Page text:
When Books Were Rare and Beautiful The Traveling Scriptorium - PDF by lizbethbennett


									When Books Were Rare and Beautiful: The Traveling Scriptorium
The Traveling Scriptorium, an educational outreach program based on the Leaves of Gold exhibition, was a series of twenty workshops for children (3rd6th grade, although some younger students attended some workshops) held at branches of the Free Library of Philadelphia March - June 2001. This page presents the project in pictures and can serve as a model for similar projects. Brother Patrick (Ed Stivender) and Lady Margaret (Meg Kennedy) The Traveling Scriptorium display The three-panel display shows, left, types of illuminated manuscripts; center, steps in manuscript production as seen in medieval illustrations; right, steps in creating an illuminated initial. Its conception and execution are the work of Meg Kennedy. The illustrations in the center panel are reproduced in The Story of Writing by Donald Jackson (scribe to the Queen and maker of the St. John's Bible), and taken from a 13th c. German manuscript owned by Kongelige Bibliotek, Copenhagen. The illustrations are color photocopies and inkjet prints mounted on construction paper.

Surrounding the triptych are materials from an art trunk created by Diane V. Horn of the Museum education staff. The trunk contains: • • • • • • • • examples of sheepskin, cow skin, and finished vellum mortar and pestle shells for holding mixed paints a stone slab and glass muller for grinding ingredients into powdered form bottles of natural ingredients used for making pigment, including cochineal (dried insects) used to make purple pigment bottle of gesso, used to prepare a surface to receive gold leaf writing and drawing instruments including a reed pen, quill pen, inkhorns, paint brushes bone folder, stylus, and burnisher.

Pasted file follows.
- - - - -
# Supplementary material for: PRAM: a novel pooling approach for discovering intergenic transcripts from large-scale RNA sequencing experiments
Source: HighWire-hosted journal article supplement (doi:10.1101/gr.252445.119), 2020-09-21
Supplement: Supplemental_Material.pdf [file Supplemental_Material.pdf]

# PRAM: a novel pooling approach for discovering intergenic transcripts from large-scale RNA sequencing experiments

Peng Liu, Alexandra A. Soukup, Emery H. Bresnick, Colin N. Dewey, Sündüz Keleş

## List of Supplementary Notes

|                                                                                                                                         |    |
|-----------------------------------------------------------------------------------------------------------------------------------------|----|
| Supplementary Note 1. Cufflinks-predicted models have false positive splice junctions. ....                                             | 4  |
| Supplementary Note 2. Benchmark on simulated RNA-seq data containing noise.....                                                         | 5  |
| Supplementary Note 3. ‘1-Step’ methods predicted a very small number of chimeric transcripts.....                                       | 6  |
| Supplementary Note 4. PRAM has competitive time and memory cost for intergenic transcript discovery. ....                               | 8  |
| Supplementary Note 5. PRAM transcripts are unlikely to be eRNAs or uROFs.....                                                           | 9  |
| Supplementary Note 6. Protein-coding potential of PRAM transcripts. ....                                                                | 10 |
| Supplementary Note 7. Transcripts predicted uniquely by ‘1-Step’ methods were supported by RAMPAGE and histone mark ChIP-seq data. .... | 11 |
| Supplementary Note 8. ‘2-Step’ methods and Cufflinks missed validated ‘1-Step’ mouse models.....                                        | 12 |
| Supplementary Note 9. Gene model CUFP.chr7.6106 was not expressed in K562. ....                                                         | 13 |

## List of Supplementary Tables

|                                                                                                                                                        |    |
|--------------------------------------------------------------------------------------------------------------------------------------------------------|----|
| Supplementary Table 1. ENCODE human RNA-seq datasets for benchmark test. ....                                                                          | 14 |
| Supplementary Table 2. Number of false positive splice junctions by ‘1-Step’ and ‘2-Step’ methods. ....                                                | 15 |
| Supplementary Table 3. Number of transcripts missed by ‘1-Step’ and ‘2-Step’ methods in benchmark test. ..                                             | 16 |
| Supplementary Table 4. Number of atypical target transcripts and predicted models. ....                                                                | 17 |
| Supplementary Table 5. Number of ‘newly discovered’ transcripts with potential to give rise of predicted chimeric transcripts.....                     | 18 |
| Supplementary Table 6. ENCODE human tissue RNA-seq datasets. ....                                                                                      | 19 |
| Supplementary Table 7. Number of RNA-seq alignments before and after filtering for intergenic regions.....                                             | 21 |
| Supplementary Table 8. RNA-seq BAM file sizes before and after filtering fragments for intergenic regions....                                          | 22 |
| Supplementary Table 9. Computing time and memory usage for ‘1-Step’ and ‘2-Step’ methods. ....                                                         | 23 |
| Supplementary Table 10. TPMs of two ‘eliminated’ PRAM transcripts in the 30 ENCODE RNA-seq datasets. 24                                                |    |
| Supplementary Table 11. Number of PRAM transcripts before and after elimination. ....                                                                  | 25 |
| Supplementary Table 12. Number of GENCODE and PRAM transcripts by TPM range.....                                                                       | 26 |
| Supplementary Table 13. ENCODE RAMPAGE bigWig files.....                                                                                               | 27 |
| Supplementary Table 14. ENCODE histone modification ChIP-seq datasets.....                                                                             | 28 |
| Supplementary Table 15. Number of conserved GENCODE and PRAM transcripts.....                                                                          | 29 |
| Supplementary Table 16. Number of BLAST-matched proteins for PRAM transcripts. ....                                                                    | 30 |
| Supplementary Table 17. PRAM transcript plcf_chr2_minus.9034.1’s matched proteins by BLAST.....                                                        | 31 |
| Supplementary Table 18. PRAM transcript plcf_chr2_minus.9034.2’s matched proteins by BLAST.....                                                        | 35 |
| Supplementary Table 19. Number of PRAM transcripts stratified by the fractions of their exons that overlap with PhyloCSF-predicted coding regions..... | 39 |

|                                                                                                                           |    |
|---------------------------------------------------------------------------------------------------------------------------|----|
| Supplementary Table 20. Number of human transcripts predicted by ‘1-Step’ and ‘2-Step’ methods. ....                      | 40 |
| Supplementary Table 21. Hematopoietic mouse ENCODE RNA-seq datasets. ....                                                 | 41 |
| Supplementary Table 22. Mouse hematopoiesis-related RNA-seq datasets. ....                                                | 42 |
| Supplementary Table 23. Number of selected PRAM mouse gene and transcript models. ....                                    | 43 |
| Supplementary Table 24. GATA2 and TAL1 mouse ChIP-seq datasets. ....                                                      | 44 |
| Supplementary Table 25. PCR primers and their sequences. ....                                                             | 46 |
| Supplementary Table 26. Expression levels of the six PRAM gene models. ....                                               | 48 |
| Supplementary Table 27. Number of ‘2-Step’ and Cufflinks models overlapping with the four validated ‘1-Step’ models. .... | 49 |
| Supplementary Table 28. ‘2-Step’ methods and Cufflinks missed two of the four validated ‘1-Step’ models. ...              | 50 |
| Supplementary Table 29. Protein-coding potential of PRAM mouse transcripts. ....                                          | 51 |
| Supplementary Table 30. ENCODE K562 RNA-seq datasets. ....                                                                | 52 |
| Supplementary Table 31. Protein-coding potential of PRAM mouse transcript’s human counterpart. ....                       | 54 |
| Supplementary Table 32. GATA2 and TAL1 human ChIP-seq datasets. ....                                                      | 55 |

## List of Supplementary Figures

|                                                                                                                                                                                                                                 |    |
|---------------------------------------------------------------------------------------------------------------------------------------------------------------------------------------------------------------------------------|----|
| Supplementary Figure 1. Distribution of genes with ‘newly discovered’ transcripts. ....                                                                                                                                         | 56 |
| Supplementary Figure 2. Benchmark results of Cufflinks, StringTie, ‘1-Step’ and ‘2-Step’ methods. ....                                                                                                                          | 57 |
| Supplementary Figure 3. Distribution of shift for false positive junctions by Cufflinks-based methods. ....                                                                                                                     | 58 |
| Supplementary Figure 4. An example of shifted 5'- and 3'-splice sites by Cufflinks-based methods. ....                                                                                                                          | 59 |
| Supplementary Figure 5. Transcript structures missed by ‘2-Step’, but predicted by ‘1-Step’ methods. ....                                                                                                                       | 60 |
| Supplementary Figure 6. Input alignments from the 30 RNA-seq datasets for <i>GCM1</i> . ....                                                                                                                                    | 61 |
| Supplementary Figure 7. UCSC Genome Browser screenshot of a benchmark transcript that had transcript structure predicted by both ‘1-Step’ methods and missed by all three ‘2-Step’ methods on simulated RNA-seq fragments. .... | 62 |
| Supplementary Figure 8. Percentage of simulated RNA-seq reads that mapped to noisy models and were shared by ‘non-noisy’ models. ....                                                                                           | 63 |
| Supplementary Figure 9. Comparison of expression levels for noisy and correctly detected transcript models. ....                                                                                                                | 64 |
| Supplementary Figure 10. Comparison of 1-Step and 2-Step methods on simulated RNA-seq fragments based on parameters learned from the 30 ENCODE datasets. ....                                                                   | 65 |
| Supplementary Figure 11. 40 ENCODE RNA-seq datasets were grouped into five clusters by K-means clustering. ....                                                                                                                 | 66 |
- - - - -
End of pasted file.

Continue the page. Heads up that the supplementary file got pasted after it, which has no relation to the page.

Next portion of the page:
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To the right are examples of a finished book (actually a contemporary blank diary purchased from a bookstore or stationer's), a wax codex, and a scroll. (See supplier list for information on where to purchase some of these items.) Not pictured: laminated photocopies of illuminated pages. The Presentation The Scriptorium presentation begins with Brother Patrick teaching the children to chant "ego sum puer" or "ego sum puella pulchra." He then introduces the topic of hand-made books, using the materials shown above. The skins are passed around for hands-on experience, as are the laminated pages. When the audience is multicultural, as with this one, he stresses manuscript traditions outside western Europe (e.g., manuscripts of the Koran).

Lady Margaret, who has been working on an illuminated initial while Brother Patrick speaks, then talks about some of her illumination projects, which are on the table in front of her. She describes her work until the children appear to be restless, then calls for additional purple ink because she's almost out of it. Brother Patrick has used the stone slab and glass muller to grind up some cochineal for the purple ink. Eeeeeuw! When the children realize that this purple ink is made of ground-up dead bugs, they're eager to try painting with it.

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Lady Margaret then calls for helpers. She has a big job ahead of her -- a gold letter that must be finished. Would anyone like to help her put real gold on this letter? Small groups of students come up at a time to be instructed on the art of illumination.